The New Ford Ranger Lineup Shows Who’s at the Top of the Pickup Food Chain
For journalists and writers, test drives can become a bit predictable at times. We drive cars long distances to test their capabilities and features in places that are usually scenic and relaxing. Ford Philippines, however, had other plans when it gathered a few motoring journalists recently for a different media drive aboard its new Ford Rangers—the XLT, the Wildtrak, and the Raptor.
Refining the refined
It was an overnight drive to Nueva Ecija, with most of the activities slated to happen in Pampanga. On the way to our first location, I was on-board a white Ranger 2.0L Wildtrak, the 4x4 variant. Having personally driven a Wildtrak for a couple of years, I was pleasantly surprised with this new version’s on-road behavior. It was more stable at high speeds and less bumpy, and it also improved upon the already good NVH (noise, vibration, harshness). In short, this pickup is as refined as ever.
How refined? It passed my informal, vehicle manners test: If I can drink a cup of coffee (covered, of course) without spilling it in any way, it’s good.
The Ranger also has more features and buttons than ever, which can be both a good and a not-so-good thing. It features the new Sync 3 infotainment system (good) but it can be a bit confusing with all the options (not-so-good). The steering wheel has more buttons than an old cellphone, which means you can keep focused on the road (good) but you will need time to memorize all the buttons so as not to activate the cruise control when you mean to change the radio tuning (not-so-good.)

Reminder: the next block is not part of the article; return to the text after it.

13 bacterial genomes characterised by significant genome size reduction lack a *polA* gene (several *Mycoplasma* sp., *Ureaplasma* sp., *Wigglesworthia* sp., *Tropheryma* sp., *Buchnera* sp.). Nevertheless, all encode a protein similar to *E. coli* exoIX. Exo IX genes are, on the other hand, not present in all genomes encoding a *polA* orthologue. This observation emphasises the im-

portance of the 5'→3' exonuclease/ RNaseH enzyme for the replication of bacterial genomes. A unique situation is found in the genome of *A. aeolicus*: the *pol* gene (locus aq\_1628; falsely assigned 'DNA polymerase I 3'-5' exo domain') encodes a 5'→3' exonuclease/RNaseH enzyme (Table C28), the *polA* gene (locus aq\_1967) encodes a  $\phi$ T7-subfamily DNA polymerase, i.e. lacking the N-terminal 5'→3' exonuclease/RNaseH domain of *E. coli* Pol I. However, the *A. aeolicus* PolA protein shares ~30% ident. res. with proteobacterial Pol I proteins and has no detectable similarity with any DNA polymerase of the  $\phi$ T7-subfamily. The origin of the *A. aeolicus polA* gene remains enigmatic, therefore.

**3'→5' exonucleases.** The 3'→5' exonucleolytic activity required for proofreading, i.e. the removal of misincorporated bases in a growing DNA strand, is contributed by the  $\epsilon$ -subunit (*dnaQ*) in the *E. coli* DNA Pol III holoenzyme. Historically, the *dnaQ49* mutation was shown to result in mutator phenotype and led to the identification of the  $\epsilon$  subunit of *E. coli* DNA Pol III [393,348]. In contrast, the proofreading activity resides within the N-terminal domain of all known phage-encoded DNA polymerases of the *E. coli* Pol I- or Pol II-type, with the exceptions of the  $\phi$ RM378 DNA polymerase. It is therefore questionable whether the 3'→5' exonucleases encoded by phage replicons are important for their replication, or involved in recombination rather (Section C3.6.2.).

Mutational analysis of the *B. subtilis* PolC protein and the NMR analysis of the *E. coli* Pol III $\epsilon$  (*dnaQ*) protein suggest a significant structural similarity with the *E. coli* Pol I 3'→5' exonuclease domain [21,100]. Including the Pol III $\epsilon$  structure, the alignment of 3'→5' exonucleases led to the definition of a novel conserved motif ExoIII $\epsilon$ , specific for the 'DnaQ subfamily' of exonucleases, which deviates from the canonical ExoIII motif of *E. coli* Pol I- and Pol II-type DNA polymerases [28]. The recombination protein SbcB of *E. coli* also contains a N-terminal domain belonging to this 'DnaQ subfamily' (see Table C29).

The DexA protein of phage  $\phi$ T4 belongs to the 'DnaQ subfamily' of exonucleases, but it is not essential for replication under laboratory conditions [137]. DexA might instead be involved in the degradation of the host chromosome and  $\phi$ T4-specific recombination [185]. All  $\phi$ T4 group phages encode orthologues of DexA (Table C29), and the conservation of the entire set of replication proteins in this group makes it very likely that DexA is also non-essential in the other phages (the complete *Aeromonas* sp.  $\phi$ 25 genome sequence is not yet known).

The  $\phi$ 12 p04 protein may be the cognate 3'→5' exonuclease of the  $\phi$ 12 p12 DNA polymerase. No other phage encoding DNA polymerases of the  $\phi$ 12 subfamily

Not just for roads
But this trip isn’t about driving these bad boys on a smooth, paved highway. It’s about testing the capabilities of these revamped pickups. The entire range may look the same, but their insides, particularly the Wildtrak and Raptor, are different. They now feature a new generation, 2.0 Bi-Turbo engine mated to a 10-speed transmission with 500Nm of torque.
Before I even got to read the rest of the spec sheet, we arrived at the Sacobia River in Clarkfield, Pampanga. Affectionately called Lahar Beds, it is exactly what it sounds like: a semi-dry river with lahar. We were divided into two groups: the Wildtraks that would tackle the technical course, and the Raptors that would go the length of the river. The groups would switch after each course.
During the briefing, our resident 4x4 expert Beeboy Bargas gave a stern warning, especially for the Raptor group: “The Raptor is a different animal, it’s different from any vehicle out there. It can run through this river at 140kph.” Having had a bit of 4x4 experience prior, I was a bit skeptical. One hundred forty kilometers per hour in a sand-filled river with pockets of almost knee-deep water? That had to be an exaggeration.
I was up with the Wildtrak group first, so the Raptor test had to wait, but we also went onto the Lahar beds on the way to the technical course. Driven by our expert guide, we were traversing the river at around 60kph, with me constantly thinking we’d get stuck at some point for sure. No such (bad) luck.
The technical course was designed to test the Wildtrak’s climbing and descending prowess over obstacles that you would probably complain about even if you’re on foot. After my car buddy’s run, I was up. The old Wildtrak already had a multitude of driver assist features such as Hill Descent and Camera Sensors. But the new one adds Hill Launch Assist, Autonomous Emergency Braking, and a Locking Rear Differential as standard.